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What is evidenced-based nutriton?

Updated: Dec 9, 2021

Choosing the right nutritionist can be difficult, but finding one you can trust shouldn't be. Despite thinking that using evidence for practice should be a standard in the industry, this in many instances isn't the case. So the question is, what is an evidence based nutritionist and how do you spot one?

I guess the first place to start is why people mislead others. Honesty and the use of evidence should be a standard thing but is not often the case. People's own experiences of nutrition can be powerful but also misleading. Often you'll hear people saying how cutting out gluten or dairy has had a drastic impact on health or weight loss o of overall health and that becomes a universal truth for them. However, what they often overlook is the overall impact that has had on their overall dietary patterns or other lifestyle changes made alongside it. However in the face of evidence and challenging their beliefs they often circle back to personal experiences over the body of evidence.

Then on the other hand you have the charlatans, people who should know better but are straight up trying to deceive others. They often present themselves as experts but there's nearly always a telltale signs that give them away. They often present themselves as individuals who know all the secrets that nobody is talking about- outsiders who know the truth that claim that the body of evidence is trying to silence them. They often talk a lot about hormone imbalances, resetting metabolisms and detoxes. They speak in absolutisms about their methods. Then comes the sales pitch- buy X and Y supplements: ketones, fat burners, herbs and watch your ailments disappear. Sadly too many people, particularly yo-yo dieters are sold the idea of the quick fix miracle cure and spends small fortunes on products they don't need.

So, how can we avoid these people and find the evidence based nutritionist offering sound advice?

I guess what sets us apart is the ability to make assertions with evidence to back it up with a good body of evidence. But even this can be misleading as you see so many confusing headlines in newspapers and magazines that often contradict themselves. So what makes good or bad evidence?

At the lower end of the scale in terms of evidence quality, we have studies done in test tubes or in animals. They aren't completely useless- they just don't immediately transfer into showing a direct impact on a human body because a) your more complex than a few cells in a test tube an b) you're not a mouse/rat.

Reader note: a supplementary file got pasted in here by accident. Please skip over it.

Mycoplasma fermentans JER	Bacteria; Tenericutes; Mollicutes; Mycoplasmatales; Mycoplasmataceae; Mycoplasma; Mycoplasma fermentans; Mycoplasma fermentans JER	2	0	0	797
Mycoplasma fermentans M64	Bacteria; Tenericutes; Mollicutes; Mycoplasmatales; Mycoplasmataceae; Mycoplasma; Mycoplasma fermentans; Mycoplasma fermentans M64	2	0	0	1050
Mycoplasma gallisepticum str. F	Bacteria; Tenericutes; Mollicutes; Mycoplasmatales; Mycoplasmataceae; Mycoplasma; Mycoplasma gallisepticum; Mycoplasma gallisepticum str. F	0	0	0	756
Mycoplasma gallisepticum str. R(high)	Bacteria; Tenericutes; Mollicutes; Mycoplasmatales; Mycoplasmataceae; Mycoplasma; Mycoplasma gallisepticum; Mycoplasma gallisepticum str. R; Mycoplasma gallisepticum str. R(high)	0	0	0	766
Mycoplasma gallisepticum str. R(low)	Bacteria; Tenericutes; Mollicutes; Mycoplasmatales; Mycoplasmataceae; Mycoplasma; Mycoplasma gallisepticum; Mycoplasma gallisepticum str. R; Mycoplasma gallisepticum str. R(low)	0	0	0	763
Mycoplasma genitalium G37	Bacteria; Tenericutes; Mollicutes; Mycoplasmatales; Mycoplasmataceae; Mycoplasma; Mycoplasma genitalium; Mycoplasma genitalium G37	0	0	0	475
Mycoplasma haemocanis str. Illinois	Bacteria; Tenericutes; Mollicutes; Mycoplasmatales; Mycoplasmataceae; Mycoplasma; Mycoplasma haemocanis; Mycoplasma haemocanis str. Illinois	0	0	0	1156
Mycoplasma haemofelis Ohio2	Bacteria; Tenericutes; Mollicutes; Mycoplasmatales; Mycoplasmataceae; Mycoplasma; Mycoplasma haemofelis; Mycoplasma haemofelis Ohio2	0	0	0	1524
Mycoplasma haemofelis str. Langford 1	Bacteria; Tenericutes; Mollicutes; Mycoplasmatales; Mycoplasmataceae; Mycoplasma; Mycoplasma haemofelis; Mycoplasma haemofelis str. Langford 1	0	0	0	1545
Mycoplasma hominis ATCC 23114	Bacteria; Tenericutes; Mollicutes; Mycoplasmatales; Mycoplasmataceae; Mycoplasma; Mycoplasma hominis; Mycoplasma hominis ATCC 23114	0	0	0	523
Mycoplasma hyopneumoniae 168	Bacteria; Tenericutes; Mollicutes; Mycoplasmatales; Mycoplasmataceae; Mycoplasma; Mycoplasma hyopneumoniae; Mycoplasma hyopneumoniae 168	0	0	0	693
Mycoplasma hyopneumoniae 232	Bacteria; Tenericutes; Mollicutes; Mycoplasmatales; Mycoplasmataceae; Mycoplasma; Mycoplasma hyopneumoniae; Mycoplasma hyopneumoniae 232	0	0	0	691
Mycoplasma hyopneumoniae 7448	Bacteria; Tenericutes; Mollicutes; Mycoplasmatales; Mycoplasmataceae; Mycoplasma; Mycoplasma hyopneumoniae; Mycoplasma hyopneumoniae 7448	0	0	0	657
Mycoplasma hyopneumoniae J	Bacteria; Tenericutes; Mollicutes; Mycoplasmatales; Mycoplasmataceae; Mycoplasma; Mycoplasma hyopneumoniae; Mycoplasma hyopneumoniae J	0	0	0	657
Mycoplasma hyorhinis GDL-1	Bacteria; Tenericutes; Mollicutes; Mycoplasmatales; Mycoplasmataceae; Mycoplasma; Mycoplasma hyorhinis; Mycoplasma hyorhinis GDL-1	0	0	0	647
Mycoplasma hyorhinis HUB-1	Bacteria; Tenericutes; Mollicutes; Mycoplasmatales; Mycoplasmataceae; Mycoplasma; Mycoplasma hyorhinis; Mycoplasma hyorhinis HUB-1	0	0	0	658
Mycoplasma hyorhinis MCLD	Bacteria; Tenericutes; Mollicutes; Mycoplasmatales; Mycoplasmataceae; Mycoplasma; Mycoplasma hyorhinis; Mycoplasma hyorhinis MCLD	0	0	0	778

Next up the chain we have observational studies. These often look at larger populations at the present time or retrospectively. Whilst you can see trends in populations they can sometimes be misleading. Why? Because you can't control every factor in someones life to say with certainty that x causes y. And when looking back at things retrospectively, people's memories of things can come into question.

Then we have lab studies in humans. These can be great because you can control a lot more of a person's environment, compare to a placebo and measure result a lot more accurately. However, when we look at the results we still need to take into consideration things like sample size, repeatability of those results and how long the study took.

To help make sense of all the different lab studies done in similar areas and help make sense of all these individual studies, systematic reviews and meta-analysis papers can help paint a great overall picture. They aren't perfect- you could clump bad studies together and end up with a bad conclusion but a well researched meta-analysis is the closest we can get to certainty on a given dietary subject.

So if you do get confused by a headline or an assertion by someone who can't offer good evidence then chances are it's just an opinion. If there's anything you've seen and want to ask a question or looking for an evidence based practitioner in Cardiff, about my inbox is always open.

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